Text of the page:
Have a great idea
An obvious beginning perhaps but one that seems rarely adhered to. Ad ideas come in many forms: they can be funny, they can be poignant, they can provide something useful to audiences or they can be pure fun. But to get people to love them, they have to be great.
Be original/take risks
One problem a great idea faces is that its power may not be immediately clear to some: who would have thought that a car made of cake could prove so charming, or that a man dressed in a chicken suit and installed in a dingy flat would become the first digital advertising phenomenon? For these ideas to come to fruition, people had to take risks: first in coming up with something unexpected, and then in bringing that idea to life.
When tasked to create an internal brand film for Johnnie Walker, BBH creative Justin Moore took an ambitious approach, and wrote a six-minute-long history of the whisky company, to be presented by Robert Carlyle as he walked through the Scottish Highlands. To make things trickier, Moore insisted it all be shot in one take. “Needless to say this caused us all a certain amount of anxiety,” he says. Yet this determination paid off, when the finished film was leaked online and became a huge hit. Moore recognises that their risky approach was quite unusual in advertising today. “We’re rather risk-averse,” he says. “We plan and research and we don’t leave room for mistakes, but mistakes can be beautiful. Mistakes are where you get to new places.”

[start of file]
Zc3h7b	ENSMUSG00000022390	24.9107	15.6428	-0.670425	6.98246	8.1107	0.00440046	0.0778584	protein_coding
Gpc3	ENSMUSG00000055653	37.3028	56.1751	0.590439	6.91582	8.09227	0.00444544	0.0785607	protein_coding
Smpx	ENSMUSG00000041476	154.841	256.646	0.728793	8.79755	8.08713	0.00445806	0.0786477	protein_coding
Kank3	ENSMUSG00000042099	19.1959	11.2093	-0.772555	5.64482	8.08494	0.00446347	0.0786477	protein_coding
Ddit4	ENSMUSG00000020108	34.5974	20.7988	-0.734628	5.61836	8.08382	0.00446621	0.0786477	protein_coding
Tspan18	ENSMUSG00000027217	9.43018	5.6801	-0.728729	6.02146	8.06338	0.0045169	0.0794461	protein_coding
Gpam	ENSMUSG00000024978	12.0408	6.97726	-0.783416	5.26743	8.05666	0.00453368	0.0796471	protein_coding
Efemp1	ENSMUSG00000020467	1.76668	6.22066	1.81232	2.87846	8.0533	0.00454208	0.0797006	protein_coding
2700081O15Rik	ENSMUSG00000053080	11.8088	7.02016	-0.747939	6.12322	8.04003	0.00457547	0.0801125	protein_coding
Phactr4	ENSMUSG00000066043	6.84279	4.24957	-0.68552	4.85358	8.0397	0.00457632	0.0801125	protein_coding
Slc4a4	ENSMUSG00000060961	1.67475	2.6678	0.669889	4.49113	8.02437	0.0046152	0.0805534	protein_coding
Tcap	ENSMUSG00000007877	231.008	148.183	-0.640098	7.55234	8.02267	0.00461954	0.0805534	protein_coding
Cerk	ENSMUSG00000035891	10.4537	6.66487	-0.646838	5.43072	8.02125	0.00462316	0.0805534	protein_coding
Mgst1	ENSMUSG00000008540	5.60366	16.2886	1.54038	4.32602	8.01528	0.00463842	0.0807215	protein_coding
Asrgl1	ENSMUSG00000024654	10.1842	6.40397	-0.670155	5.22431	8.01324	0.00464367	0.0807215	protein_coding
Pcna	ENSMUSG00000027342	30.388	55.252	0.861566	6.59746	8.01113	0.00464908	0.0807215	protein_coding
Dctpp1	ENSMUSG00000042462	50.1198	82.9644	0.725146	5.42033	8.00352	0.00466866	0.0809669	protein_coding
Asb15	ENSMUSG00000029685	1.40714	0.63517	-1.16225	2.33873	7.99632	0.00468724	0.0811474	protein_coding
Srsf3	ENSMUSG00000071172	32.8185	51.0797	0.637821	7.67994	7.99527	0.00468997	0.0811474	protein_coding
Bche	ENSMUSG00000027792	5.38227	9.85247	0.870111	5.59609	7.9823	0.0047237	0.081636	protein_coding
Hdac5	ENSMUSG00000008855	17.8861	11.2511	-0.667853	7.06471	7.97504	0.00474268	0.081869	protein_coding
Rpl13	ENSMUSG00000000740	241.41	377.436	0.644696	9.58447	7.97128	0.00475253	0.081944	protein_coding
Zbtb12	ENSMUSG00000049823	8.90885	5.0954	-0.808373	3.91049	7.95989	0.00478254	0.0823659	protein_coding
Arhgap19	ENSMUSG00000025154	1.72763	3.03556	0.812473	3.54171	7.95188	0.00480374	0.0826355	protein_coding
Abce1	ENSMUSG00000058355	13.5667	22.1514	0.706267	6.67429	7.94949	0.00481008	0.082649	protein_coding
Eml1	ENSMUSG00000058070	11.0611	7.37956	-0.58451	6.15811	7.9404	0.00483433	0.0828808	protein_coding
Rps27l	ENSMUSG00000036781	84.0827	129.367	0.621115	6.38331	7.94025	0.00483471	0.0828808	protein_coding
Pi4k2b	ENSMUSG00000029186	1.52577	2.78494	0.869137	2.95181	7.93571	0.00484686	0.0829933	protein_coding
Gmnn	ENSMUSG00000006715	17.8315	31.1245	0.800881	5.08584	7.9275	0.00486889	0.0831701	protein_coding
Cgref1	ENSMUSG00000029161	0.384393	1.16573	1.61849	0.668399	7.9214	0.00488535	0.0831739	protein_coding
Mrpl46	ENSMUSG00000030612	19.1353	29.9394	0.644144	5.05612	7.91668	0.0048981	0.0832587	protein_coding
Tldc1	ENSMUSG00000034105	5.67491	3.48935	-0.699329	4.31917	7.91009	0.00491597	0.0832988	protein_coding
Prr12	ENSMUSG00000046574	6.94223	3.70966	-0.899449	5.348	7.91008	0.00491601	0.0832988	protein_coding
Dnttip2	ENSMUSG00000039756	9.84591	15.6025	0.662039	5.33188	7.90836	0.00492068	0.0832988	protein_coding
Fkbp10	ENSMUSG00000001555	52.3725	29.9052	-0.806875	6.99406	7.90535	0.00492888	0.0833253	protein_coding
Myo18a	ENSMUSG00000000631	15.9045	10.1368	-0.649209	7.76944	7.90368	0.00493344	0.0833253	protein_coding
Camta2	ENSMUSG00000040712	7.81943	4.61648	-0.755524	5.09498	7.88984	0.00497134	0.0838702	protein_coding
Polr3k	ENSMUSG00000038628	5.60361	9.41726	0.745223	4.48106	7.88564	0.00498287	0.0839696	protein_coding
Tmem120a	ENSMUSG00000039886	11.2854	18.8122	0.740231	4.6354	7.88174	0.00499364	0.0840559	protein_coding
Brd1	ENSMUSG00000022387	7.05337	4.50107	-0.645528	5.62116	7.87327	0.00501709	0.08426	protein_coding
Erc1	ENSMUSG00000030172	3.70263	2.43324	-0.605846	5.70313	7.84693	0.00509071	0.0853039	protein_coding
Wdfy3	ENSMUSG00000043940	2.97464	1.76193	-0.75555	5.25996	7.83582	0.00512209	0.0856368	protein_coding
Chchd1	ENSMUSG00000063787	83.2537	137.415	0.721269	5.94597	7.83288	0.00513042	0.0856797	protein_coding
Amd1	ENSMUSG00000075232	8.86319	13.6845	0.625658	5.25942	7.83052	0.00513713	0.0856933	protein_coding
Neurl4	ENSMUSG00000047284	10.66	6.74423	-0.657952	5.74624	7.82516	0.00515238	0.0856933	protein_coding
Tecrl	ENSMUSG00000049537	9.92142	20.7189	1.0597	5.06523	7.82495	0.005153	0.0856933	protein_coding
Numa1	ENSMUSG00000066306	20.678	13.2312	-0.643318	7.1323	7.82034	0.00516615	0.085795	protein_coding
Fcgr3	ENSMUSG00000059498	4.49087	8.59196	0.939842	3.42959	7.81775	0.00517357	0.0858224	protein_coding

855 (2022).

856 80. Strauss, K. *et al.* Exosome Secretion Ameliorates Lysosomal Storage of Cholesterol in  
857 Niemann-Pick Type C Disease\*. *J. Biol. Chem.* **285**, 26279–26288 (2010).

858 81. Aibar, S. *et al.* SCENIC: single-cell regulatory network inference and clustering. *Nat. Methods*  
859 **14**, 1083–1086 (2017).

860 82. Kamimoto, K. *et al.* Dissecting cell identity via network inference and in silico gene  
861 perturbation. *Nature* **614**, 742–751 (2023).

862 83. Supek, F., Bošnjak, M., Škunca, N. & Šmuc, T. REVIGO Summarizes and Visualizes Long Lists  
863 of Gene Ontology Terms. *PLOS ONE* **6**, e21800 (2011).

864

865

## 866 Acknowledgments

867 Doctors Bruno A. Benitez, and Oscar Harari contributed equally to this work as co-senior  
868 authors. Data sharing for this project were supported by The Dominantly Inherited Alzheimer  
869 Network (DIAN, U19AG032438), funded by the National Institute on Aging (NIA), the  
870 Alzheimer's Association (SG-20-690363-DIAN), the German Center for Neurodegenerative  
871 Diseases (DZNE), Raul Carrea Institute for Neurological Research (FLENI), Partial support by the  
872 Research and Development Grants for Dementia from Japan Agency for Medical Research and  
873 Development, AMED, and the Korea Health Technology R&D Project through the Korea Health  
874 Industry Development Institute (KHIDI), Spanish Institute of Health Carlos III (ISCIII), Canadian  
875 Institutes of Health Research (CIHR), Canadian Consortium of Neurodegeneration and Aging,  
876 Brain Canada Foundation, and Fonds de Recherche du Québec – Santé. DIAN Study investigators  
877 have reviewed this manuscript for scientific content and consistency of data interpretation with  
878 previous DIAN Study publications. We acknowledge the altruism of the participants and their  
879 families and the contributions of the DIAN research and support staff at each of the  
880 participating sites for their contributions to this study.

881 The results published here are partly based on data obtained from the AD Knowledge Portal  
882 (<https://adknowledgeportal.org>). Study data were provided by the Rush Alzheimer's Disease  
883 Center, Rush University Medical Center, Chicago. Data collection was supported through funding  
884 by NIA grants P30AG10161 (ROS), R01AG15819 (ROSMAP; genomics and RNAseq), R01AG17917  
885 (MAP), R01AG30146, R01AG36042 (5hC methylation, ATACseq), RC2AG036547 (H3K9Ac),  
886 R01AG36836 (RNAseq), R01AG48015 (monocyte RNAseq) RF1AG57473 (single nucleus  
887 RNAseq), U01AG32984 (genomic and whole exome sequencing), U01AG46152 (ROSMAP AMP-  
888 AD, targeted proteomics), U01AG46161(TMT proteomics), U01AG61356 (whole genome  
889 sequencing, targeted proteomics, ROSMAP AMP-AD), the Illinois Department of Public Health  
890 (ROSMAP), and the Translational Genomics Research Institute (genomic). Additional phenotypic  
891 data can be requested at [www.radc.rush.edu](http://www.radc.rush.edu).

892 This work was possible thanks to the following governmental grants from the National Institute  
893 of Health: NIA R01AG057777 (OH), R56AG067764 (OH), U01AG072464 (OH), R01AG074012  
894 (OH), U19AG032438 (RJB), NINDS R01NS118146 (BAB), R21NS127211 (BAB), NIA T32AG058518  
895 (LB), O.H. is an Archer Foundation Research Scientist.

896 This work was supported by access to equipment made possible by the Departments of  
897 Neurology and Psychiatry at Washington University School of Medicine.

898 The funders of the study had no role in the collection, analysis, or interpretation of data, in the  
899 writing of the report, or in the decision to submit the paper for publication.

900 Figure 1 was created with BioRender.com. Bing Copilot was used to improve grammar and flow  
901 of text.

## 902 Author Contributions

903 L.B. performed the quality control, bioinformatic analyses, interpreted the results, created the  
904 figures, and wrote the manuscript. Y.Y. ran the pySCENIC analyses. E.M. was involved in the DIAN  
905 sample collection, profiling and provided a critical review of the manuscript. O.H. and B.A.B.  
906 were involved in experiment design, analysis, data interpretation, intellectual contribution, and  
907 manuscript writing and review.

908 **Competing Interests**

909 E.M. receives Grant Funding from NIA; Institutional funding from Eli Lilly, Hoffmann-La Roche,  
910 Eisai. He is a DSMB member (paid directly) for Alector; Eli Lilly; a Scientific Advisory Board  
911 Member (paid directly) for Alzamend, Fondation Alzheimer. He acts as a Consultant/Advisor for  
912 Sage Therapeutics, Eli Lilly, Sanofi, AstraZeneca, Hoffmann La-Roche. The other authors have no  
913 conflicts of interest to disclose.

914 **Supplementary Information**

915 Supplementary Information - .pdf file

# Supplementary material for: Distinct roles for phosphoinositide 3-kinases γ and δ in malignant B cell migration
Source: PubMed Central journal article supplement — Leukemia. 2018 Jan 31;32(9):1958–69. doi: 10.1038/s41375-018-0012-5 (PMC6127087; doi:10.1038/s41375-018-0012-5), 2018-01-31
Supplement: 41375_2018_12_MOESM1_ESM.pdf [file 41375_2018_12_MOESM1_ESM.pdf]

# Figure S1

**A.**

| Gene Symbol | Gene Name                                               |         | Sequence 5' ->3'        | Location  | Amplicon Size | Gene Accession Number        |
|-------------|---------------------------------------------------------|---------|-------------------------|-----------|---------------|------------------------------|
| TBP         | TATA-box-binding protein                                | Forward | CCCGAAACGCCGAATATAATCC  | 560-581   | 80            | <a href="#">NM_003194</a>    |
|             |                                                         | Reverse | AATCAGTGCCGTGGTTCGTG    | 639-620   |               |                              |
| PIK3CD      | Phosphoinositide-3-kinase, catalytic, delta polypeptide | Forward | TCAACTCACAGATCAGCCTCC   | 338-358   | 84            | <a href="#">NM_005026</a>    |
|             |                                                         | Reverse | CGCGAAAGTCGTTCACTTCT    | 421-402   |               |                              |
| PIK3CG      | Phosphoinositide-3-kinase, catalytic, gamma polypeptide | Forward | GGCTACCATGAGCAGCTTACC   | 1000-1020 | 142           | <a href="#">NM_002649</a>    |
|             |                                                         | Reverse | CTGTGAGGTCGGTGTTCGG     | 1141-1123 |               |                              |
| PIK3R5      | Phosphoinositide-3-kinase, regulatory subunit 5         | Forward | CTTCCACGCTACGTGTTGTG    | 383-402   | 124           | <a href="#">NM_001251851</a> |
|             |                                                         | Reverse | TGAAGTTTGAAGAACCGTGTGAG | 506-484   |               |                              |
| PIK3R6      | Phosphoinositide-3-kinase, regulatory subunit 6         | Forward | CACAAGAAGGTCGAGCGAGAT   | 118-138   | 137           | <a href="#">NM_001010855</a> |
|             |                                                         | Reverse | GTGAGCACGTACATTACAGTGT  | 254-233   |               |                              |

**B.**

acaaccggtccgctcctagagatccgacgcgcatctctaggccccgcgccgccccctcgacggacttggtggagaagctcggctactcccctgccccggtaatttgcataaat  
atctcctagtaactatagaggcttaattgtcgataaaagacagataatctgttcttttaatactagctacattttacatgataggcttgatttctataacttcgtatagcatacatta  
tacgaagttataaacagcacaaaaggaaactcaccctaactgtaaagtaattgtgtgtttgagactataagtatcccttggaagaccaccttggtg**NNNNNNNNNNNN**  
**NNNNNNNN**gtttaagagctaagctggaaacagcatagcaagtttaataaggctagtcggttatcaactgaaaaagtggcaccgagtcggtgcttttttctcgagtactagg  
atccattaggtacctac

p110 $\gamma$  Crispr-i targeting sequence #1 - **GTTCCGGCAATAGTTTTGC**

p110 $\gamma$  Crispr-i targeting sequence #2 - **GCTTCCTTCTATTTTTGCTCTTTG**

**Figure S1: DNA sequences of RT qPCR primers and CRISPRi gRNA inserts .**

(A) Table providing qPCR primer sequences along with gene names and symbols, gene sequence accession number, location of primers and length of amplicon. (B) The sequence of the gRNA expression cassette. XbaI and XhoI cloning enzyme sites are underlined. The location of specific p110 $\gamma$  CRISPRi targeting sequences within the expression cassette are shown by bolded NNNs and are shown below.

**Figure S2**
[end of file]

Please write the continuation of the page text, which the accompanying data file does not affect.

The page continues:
Work with a brave client
Another essential. It’s all too easy for creatives to blame the client when things go wrong, but a truly great ad requires creative vision from both the agency and the client side. Get a team of people together who understand that, and each other, and you are on your way to making something brilliant.